The runtime recovers unused memory using reference counting, which depends on variables passing out of scope or being set to Nothing, avoiding the problem of memory leaks common to other languages. There is a large library of utility objects, and the language provides basic object oriented support. Unlike many other programming languages, Visual Basic is generally not case sensitive—though it transforms keywords into a standard case configuration and forces the case of variable names to conform to the case of the entry in the symbol table. String comparisons are case sensitive by default.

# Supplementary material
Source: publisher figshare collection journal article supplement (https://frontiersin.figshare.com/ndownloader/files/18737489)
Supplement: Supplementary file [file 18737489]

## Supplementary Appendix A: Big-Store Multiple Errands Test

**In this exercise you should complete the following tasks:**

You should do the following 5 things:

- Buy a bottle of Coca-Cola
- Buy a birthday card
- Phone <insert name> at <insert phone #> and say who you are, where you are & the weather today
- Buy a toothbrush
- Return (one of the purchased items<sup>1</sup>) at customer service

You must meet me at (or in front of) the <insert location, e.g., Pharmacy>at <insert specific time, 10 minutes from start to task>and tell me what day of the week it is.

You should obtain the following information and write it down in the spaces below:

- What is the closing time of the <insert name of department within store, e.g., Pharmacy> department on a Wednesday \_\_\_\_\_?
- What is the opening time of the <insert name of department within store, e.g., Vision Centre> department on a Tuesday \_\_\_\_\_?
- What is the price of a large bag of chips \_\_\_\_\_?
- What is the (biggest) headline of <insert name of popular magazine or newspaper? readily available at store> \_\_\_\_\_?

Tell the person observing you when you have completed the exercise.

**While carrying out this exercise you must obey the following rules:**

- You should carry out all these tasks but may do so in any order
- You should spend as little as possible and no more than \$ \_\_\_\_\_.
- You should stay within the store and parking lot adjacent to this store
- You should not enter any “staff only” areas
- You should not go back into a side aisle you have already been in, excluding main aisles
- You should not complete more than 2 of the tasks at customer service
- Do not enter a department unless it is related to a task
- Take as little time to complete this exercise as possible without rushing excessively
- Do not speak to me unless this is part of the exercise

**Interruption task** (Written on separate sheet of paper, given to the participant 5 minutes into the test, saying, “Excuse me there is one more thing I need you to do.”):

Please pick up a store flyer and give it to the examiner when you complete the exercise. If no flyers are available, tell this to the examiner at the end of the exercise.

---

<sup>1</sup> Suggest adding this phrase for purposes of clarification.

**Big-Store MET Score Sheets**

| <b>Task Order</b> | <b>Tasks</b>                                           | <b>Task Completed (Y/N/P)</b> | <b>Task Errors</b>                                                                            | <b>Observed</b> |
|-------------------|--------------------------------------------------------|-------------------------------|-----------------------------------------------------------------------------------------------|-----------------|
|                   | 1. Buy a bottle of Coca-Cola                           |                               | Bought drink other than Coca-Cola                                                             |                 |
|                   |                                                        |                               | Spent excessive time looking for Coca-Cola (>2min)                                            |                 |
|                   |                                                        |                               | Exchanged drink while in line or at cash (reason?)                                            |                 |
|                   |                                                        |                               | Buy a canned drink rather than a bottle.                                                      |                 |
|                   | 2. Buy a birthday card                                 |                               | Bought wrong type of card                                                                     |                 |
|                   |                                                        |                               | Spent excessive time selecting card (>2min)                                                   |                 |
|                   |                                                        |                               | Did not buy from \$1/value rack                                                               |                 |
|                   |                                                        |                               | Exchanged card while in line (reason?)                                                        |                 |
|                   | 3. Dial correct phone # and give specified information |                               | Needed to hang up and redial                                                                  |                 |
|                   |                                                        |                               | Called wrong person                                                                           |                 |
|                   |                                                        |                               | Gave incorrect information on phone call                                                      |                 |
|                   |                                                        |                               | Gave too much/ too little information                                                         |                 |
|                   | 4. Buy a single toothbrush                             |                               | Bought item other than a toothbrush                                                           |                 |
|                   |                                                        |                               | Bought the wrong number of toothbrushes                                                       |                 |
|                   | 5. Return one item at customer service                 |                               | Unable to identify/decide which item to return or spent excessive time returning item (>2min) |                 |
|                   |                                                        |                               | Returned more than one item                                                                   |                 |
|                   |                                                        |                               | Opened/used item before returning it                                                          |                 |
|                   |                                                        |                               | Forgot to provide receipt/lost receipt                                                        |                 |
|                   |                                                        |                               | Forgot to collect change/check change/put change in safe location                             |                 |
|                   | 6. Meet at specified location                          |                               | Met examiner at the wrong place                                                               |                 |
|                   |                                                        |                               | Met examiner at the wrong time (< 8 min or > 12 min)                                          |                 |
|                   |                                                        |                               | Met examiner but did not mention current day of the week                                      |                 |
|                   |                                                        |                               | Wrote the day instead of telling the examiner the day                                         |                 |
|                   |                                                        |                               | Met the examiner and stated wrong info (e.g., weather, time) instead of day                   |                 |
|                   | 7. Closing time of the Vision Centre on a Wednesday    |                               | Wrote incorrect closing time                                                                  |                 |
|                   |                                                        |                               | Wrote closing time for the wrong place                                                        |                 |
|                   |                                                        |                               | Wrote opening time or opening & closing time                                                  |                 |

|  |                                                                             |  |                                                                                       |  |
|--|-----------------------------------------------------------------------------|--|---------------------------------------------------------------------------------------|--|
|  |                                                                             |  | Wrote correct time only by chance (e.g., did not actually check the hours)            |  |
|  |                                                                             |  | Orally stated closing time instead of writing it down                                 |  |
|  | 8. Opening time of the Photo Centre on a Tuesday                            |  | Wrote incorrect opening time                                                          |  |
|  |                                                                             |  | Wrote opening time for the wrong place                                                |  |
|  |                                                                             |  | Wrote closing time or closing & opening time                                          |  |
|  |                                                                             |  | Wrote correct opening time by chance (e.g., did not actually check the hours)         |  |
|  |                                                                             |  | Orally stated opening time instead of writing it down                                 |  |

The Visual Basic compiler is shared with other Visual Studio languages (C, C++). Nevertheless, by default the restrictions in the IDE do not allow creation of some targets (Windows model DLLs) and threading models, but over the years, developers have bypassed these restrictions.

--- Also Note: I Tried To Make A Photo But It Kinda Failed, So You Will Sometimes Randomly See Photo Descriptions ---